It is estimated that 10-15 percent of people in Southern Iran are blacks.
During the Qajar dynasty in Iran, many wealthy households imported African women and children as slaves to perform domestic work.
This slave labor was drawn exclusively from Bantu-speaking peoples of the Southeast Africa, in an area roughly comprising modern-day Tanzania, Mozambique and Malawi.
Most blacks who live in Iran today, are therefore descendants of the Africans who were sold into slavery during the East African Slave Trade. Hence some of these certainly originated from Nyasaland (Malawi).
Certain elements in Iranian culture today can trace their origins to the African slaves. As Mahdi Ehsasei noticed while listening to the chants of Afro-Iranian football fans, hints exist as to the influence of Africans in Iran, even if their historical legacy has largely been ignored.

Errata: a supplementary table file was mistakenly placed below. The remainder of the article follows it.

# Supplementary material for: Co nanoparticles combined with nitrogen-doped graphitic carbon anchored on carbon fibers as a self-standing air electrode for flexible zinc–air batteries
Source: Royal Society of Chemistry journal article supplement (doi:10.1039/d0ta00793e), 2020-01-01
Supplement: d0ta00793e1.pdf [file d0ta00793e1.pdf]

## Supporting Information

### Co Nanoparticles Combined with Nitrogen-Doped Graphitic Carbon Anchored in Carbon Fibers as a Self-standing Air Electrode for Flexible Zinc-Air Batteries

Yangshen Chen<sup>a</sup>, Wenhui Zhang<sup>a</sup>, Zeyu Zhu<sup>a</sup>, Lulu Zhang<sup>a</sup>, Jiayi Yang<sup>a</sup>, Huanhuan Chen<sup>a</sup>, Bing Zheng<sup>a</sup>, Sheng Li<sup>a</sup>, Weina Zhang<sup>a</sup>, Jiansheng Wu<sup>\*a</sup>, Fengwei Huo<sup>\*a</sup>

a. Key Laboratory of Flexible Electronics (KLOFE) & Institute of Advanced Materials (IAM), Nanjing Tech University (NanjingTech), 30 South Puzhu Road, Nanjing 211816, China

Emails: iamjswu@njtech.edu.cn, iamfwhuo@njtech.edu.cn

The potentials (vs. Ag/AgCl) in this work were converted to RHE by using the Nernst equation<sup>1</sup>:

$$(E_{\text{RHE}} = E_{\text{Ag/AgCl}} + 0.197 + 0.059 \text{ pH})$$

The tradition of Zār is one example: the belief in various beneficial and malignant winds and spirits (and the use of exorcism) originated in East Africa, before spreading to Iran in the 19th century.
In some ways, the spread of Zār mirrors that of voodoo in the Western hemisphere. West African spiritual practices in turn influenced communities in the Americas, as colonial powers primarily sourced slaves from West Africa. Similarly, the Middle East’s reliance on East African slaves has led to the proliferation of Zār practitioners across the region.
Alongside the practice itself, the various names for spirits and winds have entered the Iranian vocabulary. Various terms for spirits including pepe, mature and chinyase have their roots in African languages (pepo and matari in Swahili and cinyase in Nyasa language of southern Malawi, respectively).